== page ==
So, you have decided to become self-employed. You’re probably aware of the costs it will take to get started. However, you should keep in mind the potential of rocky terrain on your road to riches — 6.3 percent of Americans were self-employed in 2017.1 If the past is prescient, a third of those who have their own business will have closed up shop within two years. We don’t know how many who were in the gig economy will have returned to a day job. If your endeavor is to survive, you should plan your finances to account for the ups and downs of being in business for yourself.
1. Save on Startup Costs
You may be tempted to purchase everything you need all at once before starting your self-employment phase, and buy the best and buy it at retail prices. You may be in an endeavor that doesn’t demand that kind of capital expenditure at the beginning. See if you can purchase assets in a good used condition. Look into sharing workspace with another entrepreneur, or even work out of your home if possible. If you need to advertise, focus on using free social media or getting coverage from a local news organization for press. Place a priority on what comes after the startup, running your business efficiently and successfully.
2. Organize a Budget
While you’re budgeting to save on startup costs, plan a budget for the next six months. Take a good survey of your situation and estimate your income. Be realistic about what you’re going to take in and what you can spend on your business and personal life. Because at the beginning, you’re likely to experience volatility in your income levels, it’s best to think what you might make on average. It may be difficult to gauge. Ask other people in your line of work how they’ve done to get an idea.
Your budget should include considerations of:
- Tax liability
- Health care and insurance costs
- Your debt
- A retirement plan or college fund if you have those.
- Expected business expenditures
Of course, you should pocket enough of your own money to survive each month. This may not be an issue for those in the gig economy. For those who have a business, there may be employees or vendors to satisfy as well. You want to prioritize yourself as you are the engine of your income, you’re the most important asset you have.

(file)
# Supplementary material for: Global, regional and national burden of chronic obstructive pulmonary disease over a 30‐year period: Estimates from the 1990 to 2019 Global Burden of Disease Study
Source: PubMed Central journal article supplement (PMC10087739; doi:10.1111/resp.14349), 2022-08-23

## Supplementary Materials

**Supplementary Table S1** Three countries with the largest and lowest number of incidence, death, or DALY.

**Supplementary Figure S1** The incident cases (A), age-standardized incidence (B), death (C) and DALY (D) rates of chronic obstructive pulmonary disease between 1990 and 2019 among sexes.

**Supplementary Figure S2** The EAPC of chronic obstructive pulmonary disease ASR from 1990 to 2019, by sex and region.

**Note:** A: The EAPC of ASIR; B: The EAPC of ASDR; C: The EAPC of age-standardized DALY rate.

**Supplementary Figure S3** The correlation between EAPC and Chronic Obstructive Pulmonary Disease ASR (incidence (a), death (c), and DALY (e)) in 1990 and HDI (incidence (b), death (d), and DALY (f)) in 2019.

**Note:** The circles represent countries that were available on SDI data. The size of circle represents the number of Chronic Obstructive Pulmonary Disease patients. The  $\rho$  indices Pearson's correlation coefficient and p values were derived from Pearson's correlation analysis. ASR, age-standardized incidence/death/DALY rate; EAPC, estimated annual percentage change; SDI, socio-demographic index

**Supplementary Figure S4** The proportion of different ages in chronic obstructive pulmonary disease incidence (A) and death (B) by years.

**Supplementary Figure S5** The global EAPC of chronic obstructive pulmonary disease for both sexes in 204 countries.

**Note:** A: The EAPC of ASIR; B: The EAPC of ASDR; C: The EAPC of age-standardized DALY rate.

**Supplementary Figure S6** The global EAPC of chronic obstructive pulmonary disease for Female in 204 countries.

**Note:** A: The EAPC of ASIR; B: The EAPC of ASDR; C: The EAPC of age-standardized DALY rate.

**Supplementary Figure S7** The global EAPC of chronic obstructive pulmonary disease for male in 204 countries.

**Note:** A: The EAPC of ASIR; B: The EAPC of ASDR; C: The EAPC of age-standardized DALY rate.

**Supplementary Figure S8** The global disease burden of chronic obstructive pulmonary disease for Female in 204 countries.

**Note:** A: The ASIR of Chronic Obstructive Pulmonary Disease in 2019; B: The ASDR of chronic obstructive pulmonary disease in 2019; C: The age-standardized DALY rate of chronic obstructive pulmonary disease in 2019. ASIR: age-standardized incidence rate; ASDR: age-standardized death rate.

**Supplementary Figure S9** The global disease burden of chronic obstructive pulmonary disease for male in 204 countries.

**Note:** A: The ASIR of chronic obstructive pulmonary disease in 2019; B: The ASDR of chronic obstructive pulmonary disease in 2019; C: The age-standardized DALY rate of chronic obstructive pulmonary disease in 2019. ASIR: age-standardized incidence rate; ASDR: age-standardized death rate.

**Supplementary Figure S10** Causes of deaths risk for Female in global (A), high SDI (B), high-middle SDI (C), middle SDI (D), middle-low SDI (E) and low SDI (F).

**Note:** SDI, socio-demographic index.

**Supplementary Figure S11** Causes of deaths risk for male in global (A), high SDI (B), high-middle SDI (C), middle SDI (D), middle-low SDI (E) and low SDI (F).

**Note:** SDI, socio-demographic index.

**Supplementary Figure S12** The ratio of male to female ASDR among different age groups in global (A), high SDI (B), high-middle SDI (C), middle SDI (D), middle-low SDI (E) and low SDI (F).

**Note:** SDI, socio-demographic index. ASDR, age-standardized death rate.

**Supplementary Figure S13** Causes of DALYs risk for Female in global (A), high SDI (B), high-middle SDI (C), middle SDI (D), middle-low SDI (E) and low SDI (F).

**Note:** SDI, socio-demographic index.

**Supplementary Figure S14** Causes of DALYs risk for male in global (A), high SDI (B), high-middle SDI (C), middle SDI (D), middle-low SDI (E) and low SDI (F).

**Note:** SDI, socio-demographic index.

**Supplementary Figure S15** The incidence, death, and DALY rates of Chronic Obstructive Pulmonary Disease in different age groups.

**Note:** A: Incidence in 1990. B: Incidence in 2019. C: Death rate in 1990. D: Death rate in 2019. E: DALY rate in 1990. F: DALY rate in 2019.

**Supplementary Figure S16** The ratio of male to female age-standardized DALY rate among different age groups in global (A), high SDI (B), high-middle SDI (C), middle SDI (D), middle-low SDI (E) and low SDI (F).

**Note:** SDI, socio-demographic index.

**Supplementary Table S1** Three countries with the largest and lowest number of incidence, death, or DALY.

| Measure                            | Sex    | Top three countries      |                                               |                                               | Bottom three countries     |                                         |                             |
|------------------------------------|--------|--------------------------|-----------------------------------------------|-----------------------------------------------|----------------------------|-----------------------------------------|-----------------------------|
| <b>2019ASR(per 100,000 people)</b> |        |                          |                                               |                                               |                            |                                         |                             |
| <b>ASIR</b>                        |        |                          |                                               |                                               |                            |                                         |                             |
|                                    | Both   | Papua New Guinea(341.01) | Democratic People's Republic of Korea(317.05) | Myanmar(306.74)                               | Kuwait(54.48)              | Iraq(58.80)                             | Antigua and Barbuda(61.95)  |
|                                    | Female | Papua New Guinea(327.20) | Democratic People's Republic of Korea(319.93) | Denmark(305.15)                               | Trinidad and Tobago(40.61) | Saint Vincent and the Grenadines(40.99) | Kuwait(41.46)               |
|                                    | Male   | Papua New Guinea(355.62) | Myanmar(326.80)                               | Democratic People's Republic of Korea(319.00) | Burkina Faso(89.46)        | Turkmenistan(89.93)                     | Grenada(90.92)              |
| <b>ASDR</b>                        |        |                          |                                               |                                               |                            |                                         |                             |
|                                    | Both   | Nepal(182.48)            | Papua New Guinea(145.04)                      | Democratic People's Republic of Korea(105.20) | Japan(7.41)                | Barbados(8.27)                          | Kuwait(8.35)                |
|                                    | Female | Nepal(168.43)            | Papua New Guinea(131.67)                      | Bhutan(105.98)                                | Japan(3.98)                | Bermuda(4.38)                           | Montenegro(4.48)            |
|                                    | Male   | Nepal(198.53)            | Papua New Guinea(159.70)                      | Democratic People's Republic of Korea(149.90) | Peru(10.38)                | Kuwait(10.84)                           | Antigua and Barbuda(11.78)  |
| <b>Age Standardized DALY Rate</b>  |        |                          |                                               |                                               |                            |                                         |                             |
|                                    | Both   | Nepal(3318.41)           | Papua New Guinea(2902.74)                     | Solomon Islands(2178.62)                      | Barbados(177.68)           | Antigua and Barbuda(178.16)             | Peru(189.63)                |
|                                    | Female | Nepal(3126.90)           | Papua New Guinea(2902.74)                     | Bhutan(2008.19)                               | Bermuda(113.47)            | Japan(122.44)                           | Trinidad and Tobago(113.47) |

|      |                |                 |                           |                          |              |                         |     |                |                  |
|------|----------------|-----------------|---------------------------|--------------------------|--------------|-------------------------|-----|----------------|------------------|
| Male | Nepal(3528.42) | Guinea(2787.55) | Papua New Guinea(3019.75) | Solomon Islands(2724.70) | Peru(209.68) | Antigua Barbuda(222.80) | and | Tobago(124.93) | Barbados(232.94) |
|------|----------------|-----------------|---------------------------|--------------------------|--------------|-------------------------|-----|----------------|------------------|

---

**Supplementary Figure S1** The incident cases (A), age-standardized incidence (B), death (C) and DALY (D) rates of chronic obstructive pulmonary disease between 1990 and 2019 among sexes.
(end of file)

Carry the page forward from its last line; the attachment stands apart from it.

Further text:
3. Separate Personal and Business Expenses
Track your personal spending separately from your business expenses. This may become important during tax time when you are making deductions. If you use your car in your side hustle, track how much gas you use for business as well as how much gas you’re using for personal errands.
4. Prioritize Saving
Because of the uncertainty surrounding self-employment, those involved may be tempted to keep their earnings in a checking account so they can easily grab it when they need it. You may want to do the opposite. Consider prioritizing saving rather than putting it on the back burner. Double the amount you put into your retirement accounts and section off a reasonable portion of your income for an emergency fund.
5. Don’t Forget Your Day-to-Day Life
While you may be enmeshed in the battle to become financially independent, you may still have other obligations that you have to account for. If you have kids, they need to be fed and clothed, and they will often need money for school supplies and field trips. You’ll have auto maintenance, dry cleaning and other personal expenses to consider. It’s easy to lose track of these when you’re focused on dominating your field.
6. Get Good Advice
Before stepping into the self-employment arena, talk to people who can give good advice. For your business concerns, talk to people who have already experienced what you’re about to go through. For concerns about savings, debt management and other financial issues, talk it over with a trusted financial advisor.
This content is developed from sources believed to be providing accurate information, and provided by Twenty Over Ten. It may not be used for the purpose of avoiding any federal tax penalties. Please consult legal or tax professionals for specific information regarding your individual situation. The opinions expressed and material provided are for general information, and should not be considered a solicitation for the purchase or sale of any security.